Showbams: I know the newest album Diluvia came out a few weeks ago and it was featured on NPR Music’s “First Listen”, and in that review, they focus on how playful the album is and that it “had an utter indifference to sounding cool” and that it was “unselfishly charming.” Is that the kind of sound you were going for? How do you feel about that review?

Read: I think it’s pretty good. It’s not something that we thought about. We were in the house in Upstate New York, Tannersville and just trying to write the best songs we could. I guess it’s better than them having said “we try really hard to be cool.”

Hyman: Yeah, I’d definitely rather you know be considered unpretentiously cool, than ya know … I guess the key is to look cool without trying. So, that’s what you got to look forward to for LP3 — “cool without trying.”

Showbams: I know that with Weathervanes it was largely composed by Judah, with the lyrics coming from a combo of dream journals and childhood memories. What was the inspiration for Diluvia?

Hyman: I think we spent so much time together over the past four years, since we’ve found each other. Our pop culture consumption has sort of come from many different places and we’ve all started to overlap. We’ve gotten really interested in science fiction, fantasy and astrophysics. One of the first emails I have from Judah is just a long list of Ted Talks and theory, because we had a long conversation on ‘String Theron.’ So I think a lot of the lyrical content, was formed by the musical content which came first and the music just sounds like it’s in a bigger space, that it’s further out. Like Judah says, that it’s out in the stratosphere of sound and it really is! It sounds like it takes place in that part of the atmosphere where the earth meets “quote” outer space. So the lyrical content reflects that book Carl Sagan’s ‘Cosmos,’ and things that are scientific or play with science in an emotional way., which are things we wanted to reference a lot.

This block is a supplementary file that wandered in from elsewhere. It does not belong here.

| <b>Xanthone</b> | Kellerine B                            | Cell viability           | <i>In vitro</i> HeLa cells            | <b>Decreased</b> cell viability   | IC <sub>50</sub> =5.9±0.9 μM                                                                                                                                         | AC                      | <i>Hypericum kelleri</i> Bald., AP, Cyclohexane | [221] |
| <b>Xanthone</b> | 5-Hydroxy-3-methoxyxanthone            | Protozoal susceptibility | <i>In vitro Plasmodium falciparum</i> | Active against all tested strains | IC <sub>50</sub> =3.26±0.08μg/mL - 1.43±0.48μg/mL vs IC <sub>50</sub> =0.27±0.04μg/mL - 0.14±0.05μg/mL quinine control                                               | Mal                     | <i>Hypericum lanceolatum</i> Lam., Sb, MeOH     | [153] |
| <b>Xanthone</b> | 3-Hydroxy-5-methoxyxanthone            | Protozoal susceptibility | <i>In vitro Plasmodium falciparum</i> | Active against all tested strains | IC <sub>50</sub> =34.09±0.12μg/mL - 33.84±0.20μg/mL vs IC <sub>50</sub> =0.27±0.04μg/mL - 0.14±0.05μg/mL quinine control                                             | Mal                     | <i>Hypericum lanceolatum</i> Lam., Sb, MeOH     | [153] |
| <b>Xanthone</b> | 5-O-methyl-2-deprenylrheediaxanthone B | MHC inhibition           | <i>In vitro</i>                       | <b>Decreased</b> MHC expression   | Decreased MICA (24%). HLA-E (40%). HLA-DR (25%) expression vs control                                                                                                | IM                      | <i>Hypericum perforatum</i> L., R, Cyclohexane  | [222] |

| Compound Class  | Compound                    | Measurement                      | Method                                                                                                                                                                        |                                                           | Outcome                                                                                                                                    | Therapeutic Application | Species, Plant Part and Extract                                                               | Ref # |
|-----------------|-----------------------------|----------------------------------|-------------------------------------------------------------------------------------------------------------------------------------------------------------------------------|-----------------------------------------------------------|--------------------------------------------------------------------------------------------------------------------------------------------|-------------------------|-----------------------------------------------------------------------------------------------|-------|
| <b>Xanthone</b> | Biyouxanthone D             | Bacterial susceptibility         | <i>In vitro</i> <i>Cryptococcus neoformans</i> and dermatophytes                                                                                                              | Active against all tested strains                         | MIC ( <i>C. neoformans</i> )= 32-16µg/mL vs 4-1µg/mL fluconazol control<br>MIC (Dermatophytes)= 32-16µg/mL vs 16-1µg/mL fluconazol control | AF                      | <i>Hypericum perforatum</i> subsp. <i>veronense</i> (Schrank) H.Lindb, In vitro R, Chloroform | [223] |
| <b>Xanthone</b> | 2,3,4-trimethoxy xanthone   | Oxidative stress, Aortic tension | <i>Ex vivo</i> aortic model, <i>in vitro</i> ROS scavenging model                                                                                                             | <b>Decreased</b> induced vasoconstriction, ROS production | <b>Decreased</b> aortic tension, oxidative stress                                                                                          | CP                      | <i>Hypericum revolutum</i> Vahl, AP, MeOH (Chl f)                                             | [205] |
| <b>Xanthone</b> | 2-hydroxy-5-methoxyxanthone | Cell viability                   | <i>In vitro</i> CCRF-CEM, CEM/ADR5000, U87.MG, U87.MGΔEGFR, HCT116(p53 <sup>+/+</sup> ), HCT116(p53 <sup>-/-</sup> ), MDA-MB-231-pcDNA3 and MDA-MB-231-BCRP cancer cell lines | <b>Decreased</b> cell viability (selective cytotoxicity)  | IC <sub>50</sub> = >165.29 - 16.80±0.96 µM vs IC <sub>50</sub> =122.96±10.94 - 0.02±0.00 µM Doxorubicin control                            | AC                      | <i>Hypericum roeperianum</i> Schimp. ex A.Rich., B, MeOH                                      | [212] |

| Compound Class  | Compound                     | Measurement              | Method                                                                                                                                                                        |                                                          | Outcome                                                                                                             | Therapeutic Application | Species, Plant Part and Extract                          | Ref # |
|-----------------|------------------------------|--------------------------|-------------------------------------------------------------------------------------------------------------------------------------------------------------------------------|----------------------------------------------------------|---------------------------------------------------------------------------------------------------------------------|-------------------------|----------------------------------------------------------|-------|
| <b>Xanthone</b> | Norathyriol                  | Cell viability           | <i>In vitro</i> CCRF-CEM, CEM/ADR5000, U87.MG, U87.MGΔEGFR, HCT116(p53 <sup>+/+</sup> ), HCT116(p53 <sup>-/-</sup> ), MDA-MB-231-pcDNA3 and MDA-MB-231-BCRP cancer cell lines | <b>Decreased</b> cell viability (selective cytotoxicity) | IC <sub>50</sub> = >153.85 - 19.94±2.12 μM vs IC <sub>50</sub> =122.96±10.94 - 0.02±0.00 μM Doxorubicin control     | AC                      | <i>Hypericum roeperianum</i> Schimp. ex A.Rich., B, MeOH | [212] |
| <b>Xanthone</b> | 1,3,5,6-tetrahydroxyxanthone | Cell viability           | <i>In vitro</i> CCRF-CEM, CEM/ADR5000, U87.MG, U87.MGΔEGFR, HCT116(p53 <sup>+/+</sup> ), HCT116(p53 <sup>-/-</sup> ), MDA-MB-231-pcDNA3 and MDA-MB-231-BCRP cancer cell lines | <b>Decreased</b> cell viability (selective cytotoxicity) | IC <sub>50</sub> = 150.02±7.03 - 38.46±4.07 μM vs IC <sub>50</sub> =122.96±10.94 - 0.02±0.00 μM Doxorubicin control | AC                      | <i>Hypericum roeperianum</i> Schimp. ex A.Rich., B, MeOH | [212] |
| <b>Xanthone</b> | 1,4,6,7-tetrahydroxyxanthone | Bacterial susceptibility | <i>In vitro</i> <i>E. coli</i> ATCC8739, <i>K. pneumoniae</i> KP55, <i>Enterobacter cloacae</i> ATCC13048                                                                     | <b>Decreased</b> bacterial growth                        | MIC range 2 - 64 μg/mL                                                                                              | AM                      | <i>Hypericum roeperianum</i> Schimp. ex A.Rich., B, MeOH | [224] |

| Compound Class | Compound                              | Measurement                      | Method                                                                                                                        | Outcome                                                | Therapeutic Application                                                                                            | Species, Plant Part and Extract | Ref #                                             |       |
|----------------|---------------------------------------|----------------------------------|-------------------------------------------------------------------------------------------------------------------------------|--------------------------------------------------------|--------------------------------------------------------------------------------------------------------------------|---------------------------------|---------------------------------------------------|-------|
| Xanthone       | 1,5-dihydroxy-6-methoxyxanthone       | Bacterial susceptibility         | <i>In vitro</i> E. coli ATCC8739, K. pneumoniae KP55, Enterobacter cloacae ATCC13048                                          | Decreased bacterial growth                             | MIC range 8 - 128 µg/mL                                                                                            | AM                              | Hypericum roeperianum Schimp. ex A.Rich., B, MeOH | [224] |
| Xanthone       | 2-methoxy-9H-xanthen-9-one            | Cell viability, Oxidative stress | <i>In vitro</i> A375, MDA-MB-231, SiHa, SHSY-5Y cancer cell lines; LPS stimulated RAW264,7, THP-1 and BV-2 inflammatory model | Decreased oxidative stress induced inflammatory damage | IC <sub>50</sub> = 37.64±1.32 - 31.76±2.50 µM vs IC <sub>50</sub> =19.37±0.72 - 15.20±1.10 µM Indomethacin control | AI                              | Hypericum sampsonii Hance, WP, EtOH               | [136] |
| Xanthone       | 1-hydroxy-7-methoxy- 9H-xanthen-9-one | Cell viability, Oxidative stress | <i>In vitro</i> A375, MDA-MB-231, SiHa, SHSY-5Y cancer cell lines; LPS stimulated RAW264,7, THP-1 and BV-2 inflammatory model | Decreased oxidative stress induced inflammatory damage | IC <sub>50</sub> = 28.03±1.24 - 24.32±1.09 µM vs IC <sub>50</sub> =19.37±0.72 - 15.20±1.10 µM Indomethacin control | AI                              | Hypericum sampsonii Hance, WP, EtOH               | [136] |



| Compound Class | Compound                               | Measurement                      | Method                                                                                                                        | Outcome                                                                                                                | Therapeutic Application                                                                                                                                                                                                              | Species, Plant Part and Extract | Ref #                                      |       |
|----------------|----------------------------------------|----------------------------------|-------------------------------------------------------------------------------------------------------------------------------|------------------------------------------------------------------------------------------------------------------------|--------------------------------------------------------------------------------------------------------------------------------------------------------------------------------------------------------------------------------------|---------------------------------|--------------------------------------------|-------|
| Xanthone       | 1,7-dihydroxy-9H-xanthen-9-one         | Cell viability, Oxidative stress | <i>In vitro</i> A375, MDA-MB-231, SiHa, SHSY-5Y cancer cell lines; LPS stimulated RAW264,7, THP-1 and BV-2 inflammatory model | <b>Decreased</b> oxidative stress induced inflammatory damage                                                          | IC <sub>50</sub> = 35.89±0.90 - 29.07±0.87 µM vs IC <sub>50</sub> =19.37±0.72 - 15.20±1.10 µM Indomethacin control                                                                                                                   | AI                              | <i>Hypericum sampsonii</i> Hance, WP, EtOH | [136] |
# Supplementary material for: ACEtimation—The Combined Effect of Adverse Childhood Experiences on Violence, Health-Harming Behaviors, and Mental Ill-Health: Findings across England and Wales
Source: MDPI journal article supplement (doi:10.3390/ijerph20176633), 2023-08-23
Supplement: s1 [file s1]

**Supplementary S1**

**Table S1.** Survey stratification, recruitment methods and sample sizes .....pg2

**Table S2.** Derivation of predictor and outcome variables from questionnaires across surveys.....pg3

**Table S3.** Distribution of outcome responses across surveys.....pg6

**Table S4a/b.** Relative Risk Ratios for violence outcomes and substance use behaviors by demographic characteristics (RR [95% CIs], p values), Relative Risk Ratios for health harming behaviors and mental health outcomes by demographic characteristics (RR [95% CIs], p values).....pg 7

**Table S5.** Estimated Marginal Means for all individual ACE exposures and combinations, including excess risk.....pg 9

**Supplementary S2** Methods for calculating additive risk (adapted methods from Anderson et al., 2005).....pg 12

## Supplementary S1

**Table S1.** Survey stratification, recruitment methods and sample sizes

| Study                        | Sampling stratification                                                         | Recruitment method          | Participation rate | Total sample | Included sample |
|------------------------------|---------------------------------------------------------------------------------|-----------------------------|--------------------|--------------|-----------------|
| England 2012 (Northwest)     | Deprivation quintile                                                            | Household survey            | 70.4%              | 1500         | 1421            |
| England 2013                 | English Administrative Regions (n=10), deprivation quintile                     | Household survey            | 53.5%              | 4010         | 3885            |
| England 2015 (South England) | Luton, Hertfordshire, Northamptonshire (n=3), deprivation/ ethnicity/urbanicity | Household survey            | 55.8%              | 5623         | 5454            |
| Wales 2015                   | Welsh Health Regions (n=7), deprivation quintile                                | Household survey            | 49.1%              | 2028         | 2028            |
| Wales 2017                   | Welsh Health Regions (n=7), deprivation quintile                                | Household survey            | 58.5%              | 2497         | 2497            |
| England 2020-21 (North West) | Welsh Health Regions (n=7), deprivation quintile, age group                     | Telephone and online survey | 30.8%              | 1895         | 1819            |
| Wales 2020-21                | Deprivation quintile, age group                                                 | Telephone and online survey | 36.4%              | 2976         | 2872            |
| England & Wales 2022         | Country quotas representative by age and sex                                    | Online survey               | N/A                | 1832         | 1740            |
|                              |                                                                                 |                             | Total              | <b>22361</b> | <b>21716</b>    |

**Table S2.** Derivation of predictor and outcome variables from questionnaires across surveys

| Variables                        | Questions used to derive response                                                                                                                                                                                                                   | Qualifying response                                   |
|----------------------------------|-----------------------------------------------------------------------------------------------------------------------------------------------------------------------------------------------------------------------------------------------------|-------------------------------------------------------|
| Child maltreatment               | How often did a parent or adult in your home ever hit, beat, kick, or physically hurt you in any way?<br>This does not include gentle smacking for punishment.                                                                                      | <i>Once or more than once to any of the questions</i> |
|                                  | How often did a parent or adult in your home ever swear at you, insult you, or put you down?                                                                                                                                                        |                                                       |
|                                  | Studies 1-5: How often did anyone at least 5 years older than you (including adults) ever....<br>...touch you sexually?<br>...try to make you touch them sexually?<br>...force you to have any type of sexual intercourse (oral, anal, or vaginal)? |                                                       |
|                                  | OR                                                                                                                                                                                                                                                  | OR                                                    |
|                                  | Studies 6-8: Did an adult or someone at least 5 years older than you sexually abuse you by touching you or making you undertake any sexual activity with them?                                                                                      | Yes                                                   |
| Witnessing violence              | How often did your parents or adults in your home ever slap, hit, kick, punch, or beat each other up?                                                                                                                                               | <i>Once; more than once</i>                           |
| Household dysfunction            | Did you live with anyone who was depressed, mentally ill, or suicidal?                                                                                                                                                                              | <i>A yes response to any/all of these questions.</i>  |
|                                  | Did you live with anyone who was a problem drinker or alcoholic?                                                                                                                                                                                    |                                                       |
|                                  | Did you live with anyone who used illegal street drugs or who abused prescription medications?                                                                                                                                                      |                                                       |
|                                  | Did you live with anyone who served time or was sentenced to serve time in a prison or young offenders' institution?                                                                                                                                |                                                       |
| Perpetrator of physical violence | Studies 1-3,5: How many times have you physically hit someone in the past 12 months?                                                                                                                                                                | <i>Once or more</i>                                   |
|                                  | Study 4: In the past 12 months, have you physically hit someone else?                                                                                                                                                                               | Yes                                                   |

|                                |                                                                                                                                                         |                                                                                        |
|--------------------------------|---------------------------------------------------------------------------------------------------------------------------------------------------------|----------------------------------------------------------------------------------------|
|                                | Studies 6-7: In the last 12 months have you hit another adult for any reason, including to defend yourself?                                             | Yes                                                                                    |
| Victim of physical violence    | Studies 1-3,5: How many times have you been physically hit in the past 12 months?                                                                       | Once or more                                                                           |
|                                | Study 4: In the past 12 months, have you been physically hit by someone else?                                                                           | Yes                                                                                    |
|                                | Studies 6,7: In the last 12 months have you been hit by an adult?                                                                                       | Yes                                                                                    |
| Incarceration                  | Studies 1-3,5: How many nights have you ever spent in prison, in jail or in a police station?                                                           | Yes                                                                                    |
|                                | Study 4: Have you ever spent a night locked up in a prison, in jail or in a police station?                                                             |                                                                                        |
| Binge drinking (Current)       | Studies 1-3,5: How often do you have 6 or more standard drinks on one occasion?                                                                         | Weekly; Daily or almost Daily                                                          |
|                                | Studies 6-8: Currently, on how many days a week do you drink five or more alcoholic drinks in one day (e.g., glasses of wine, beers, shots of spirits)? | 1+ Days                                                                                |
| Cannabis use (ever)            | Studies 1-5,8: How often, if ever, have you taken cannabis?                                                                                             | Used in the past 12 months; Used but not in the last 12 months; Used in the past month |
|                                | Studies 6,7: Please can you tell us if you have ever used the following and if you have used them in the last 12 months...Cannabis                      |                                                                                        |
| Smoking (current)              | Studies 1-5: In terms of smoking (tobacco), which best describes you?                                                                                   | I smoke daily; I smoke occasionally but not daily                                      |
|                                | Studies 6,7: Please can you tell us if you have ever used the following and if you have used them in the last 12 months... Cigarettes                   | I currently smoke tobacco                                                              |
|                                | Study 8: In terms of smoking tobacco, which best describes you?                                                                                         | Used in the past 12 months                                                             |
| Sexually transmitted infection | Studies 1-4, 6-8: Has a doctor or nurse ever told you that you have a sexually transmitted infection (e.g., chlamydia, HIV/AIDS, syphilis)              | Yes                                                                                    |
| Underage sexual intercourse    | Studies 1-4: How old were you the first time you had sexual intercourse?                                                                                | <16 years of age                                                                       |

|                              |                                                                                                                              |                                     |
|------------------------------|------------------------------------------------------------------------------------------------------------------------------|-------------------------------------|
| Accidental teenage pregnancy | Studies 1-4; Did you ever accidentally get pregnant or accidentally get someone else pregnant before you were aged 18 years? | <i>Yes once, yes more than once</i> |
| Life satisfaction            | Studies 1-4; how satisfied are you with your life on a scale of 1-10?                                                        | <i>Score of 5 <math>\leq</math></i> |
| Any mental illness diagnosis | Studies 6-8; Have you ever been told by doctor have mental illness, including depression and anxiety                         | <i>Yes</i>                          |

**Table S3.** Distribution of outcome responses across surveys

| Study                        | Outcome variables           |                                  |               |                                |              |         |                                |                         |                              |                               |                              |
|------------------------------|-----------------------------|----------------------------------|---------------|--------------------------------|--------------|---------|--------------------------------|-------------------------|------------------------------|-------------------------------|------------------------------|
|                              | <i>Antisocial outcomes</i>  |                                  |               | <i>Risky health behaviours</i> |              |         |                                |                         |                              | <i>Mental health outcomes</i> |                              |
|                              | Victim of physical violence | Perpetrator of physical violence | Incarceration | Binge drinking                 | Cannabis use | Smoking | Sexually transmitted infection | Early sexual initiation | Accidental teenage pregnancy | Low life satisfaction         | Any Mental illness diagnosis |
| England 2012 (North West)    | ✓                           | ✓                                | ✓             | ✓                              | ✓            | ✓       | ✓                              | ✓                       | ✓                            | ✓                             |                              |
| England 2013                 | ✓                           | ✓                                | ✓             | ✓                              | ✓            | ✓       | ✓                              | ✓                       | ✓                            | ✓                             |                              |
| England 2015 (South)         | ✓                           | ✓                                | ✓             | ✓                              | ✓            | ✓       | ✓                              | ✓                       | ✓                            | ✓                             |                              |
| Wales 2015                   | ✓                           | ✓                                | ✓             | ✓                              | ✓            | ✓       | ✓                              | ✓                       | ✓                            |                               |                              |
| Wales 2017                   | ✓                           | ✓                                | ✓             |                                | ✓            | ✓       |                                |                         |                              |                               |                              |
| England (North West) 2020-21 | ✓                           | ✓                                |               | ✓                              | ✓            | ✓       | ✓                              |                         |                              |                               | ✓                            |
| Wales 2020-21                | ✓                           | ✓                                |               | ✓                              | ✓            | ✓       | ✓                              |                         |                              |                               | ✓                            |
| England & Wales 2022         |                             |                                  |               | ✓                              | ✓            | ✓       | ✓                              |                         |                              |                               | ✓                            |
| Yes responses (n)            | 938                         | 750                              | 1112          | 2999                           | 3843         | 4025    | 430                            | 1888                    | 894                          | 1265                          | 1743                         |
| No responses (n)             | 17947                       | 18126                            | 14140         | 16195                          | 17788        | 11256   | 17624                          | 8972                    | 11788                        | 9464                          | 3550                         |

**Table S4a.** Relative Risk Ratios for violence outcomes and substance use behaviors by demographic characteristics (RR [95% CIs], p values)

Showbams: You guys just kicked off the U.S. leg of the tour and broadcasted your performance via YouTube live stream. Does it feels different playing when cameras are on vs. off?

Hyman: You know there’s always so much at a festival, especially there’s so much going on in the lead up to playing because everybody’s on. You have 20 minutes to get all your garbage up there and start playing. There’s just so much happening that you don’t have time to think about anything like that. It’s great, I’m glad that we don’t have time to sit and stress about the exponential number of people watching on YouTube.

Read: It’s actually better when there’s more people because then it becomes hard to individually pick out somebody. The early shows we played where there were like 5 people in the audience, it was really hard. Haha yeah b/c you would be making eye contact and get all insecure. You’d be like, “You’re looking at me, I can see you, you’re the only person in that corner. You’re staring at me.”

Showbams: Throughout your travels you guys are very socially connected, how do feel like this type of communication has influenced the success of your band?

Read: I think social media is a pretty cool tool, when it comes to interacting with people. I think if you do it in a way where you’re actually talking to somebody and in times trying to get a conversation back from them, that’s pretty cool. If it’s like just shooting out information, “Try this, buy this, come here”, it’s kind of lame. I think trying to be interactive is what makes it work.

Hyman: Definitely, you know, it’s a tough balance. We Just put a record out so we want people to buy it, we do want you to come to shows, we want to play for people so we have to kind of promote ourselves. At the same time however, it definitely is a balancing act between too much self promotion and too much meaninglessness. You see so many tweets from somebody like, NY Times is a great source for news but if they're tweeting every three minutes about something you just kind of go numb.

I don’t want to throw The New York Times under the bus. I wish I had picked anybody else like somebody terrible, like if you subscribe to the Romney campaign, you probably get a lot of things popping up to just ignore all of them. There’s too many things.